Oak Ridge National Laboratory (OPEN 2015)


UPDATED: January 3, 2018 
PROJECT TITLE: New, High Temperature, Corrosion-Resistant Cast Alloys for Operation in Industrial Gaseous Environments
AWARD: $3,900,000
PROJECT TEAM: Oak Ridge National Laboratory (ORNL), University of Wisconsin – Milwaukee, Metaltek International, Duraloy Technologies, ArcelorMittal
PROJECT TERM: April 2016 – April 2019
PRINCIPAL INVESTIGATOR (PI): Govindarajan Muralidharan


Transporting and handling corrosive gases at high temperatures is ubiquitous in industrial chemical processing and power generation, but corrodes conventional metal alloys. Austenitic steel, a stainless steel alloy commonly used in harsh environments, forms a chromia (Cr2O3)-scale oxide layer to help protect alloys from corrosion. However, the chromia protective layer can deteriorate. This significantly reduces component lifetime, as well as the energy efficiency of processes that use this metal’s products. Although chromium (Cr) metal is critically important to the energy efficiency of the U.S. industrial infrastructure, it is not available domestically. Therefore, the development of a cost-effective alternative to chromia-forming alloys that uses lower amounts of Cr is of high importance.


An alternative to chromia-forming alloys are those that form alumina (Al2O3) as their protective layer. Alumina-forming alloys exhibit superior high-temperature corrosion resistance, due to slower oxide scale-growth rate and greater thermodynamic stability at high temperatures (900-1200oC). Numerous attempts to produce Fe-base alumina-forming casting alloys on a commercial scale with the high-temperature strength needed for structural use have failed. Prior to this project, ORNL patented several, new Fe-base austenitic alloy compositions with excellent “creep” (sagging under structural loads at high temperatures) resistance and alumina-forming capability at temperatures of 900-1100ºC.[1] However, in order to make this technology industrially relevant, alloy development must scale using new methods that can operate in a large commercial foundry. 


This project aims to translate the laboratory development of Oak Ridge National Laboratory’s (ORNL) patented alumina-forming austenitic casting alloys into industry-applicable materials that can survive production practices and still operate in high temperatures and caustic environments. ORNL devised the new alloys under tightly controlled mixing, heating, and quenching conditions. However, these conditions are cost prohibitive if scaled up and must be reengineered. The ORNL team has tested over 60 formulations of its alloys, and has down-selected the optimized versions for ton-scale production. ORNL is working with its partners to produce these alloys and processing technologies necessary to use them industrially. ORNL is developing unique formulations that utilize the minimum amount of aluminum for scale formation in the alloy. The alloy is then stabilized with additions of niobium, titanium, zirconium, and other elements to achieve the best properties in industrial use. The team is fabricating and testing a prototype industrial component from one alumina-forming alloy with tenfold oxidation resistance and twice the resistance to creep compared to chromia-forming alloys, with functionality in excess of 1100ºC. The goal is for these alloys to be produced at scale for the same cost, last up to ten times longer, and maintain the same creep life as austenitic steels.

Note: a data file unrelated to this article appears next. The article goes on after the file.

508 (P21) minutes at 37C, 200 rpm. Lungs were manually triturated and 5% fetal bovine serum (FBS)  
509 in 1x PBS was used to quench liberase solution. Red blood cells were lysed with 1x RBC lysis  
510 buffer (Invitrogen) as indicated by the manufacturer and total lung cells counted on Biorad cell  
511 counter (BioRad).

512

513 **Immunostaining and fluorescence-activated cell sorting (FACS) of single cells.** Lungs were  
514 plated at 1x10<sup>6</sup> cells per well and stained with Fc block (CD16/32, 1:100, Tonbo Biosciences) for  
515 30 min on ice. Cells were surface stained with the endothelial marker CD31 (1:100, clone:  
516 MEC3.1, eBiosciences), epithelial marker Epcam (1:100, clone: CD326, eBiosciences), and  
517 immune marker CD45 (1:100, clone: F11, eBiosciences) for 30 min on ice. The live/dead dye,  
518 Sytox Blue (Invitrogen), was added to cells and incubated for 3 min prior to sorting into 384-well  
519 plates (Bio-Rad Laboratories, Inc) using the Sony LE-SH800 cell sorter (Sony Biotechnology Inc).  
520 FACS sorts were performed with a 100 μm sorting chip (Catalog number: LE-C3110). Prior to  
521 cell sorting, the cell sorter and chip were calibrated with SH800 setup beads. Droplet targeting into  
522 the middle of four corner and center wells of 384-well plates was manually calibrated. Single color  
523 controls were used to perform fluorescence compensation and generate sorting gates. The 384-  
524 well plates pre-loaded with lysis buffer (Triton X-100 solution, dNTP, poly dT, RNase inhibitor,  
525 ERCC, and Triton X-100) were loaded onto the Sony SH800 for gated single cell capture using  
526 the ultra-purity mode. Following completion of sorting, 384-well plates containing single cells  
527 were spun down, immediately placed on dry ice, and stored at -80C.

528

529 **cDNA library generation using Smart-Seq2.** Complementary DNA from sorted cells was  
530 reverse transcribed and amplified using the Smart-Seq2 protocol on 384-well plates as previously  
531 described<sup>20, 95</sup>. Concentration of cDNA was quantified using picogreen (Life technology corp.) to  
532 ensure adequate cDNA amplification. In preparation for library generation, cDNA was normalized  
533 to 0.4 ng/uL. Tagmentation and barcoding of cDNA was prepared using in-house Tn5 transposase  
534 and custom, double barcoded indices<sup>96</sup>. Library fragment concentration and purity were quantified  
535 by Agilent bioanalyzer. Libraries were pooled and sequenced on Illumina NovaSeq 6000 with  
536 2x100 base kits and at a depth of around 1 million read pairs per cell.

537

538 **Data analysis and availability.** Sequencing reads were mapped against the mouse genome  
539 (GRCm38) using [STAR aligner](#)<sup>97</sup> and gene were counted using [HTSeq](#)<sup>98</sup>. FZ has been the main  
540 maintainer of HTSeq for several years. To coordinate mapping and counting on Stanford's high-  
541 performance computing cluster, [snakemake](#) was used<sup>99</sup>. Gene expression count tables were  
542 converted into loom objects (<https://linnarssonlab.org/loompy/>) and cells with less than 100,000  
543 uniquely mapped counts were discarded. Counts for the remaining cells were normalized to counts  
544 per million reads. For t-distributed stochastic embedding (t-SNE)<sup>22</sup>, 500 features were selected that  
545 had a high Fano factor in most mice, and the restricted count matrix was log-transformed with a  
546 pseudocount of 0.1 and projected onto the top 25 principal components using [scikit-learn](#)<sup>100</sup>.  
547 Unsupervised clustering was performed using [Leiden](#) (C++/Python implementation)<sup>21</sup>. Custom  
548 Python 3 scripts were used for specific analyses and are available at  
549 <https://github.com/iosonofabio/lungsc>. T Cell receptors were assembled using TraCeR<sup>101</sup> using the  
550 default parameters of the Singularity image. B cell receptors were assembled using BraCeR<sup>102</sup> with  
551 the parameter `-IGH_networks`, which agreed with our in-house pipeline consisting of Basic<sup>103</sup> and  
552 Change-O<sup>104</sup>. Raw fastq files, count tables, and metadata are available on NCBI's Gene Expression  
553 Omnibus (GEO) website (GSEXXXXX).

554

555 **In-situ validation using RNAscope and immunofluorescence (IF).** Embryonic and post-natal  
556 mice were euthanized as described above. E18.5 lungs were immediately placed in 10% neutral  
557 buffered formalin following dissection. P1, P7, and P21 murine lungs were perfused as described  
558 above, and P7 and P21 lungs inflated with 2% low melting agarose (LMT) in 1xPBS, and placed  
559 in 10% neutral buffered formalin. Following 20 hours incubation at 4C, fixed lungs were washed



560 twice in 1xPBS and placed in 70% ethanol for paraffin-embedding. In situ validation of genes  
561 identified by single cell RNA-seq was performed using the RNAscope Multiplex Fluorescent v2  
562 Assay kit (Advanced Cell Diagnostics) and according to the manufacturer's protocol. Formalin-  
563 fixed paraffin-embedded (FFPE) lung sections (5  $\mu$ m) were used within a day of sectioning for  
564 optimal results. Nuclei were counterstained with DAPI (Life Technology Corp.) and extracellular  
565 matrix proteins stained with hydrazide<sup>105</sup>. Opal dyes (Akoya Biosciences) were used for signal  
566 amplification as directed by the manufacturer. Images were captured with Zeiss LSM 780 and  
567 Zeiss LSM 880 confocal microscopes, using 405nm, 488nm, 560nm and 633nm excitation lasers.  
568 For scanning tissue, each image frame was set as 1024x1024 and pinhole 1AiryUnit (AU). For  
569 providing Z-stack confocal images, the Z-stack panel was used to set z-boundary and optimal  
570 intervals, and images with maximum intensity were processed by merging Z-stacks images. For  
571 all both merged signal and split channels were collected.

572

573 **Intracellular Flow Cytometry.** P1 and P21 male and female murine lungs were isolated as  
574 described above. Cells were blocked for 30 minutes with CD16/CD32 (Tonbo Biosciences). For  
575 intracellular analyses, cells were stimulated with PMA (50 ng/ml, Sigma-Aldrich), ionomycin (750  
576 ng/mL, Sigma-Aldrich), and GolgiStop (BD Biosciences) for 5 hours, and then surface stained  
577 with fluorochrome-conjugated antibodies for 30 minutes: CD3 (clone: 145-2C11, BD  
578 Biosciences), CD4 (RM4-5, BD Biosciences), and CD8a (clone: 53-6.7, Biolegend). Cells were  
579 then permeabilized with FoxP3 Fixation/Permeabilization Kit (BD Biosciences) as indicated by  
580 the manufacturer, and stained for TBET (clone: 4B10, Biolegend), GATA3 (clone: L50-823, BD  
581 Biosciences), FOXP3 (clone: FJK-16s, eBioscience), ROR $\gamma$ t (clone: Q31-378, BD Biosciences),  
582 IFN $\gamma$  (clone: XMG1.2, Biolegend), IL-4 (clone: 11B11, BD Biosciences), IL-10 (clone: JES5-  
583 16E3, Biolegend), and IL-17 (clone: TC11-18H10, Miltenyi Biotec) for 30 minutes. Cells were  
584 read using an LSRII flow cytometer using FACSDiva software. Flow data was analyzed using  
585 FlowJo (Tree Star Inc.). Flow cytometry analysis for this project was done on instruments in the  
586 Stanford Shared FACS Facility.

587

Figure 1: The new alloy developed by the ORNL team is up to 10x longer lasting than the industry standard alloy used for ethylene cracking furnaces.


This project united the material developer, ORNL, materials producers and component manufacturers, Duraloy Technologies and MetalTek International, and a potential end-user, ArcelorMittal. The team identified furnace rolls for steel production as the first application. Furnace rolls are rotating pieces of a conveyor that move steel plates through an austenitizing furnace. These rolls experience drastic changes in temperature and constant stresses, requiring regular replacement. ArcelorMittal successfully tested a prototype roll in April 2017. The trial roll showed no appreciable degradation after 4,000 hours at 900ºC. Under similar conditions, current commercially available rolls corrode, forming oxide layers. The periodic maintenance to remove the oxide results in furnace downtime, loss of production, and roll replacement.


Figure 2: Furnace roll made with the ORNL team’s alloy. This roll appears pristine after being in a plate austenitizing furnace at 900°C for 4000 hours. Compared to state-of-the-art alloy furnace rolls, the new rolls result in significantly lowermaintenance costs and improved productivity.


The high temperature, corrosion-resistant alloy developed in this project will increase the efficiency and longevity of equipment used in fossil fuel extraction, chemical processing, and transportation fuel production. The potential cost and energy savings are significant given the wide range of applications. The commercial availability of this alloy will enable disruptive improvements in energy efficiency for critical U.S. industrial processes by increasing productivity, reducing costs, increasing equipment life, and decreasing process downtime.


The ORNL team has published the scientific underpinnings of this technology twice in open literature.


1 Muralidharan 2013: G. Muralidharan, Y. Yamamoto, and M.P. Brady, US Patent 8,431,072 “Cast Alumina Forming Austenitic Stainless Steels” (April 30, 2013.); Yamamoto 2014: Y. Yamamoto, G. Muralidharan, and M.P. Brady, US Patent 8,815,146 “Alumina Forming Iron Base Superalloy” (Aug 26, 2014).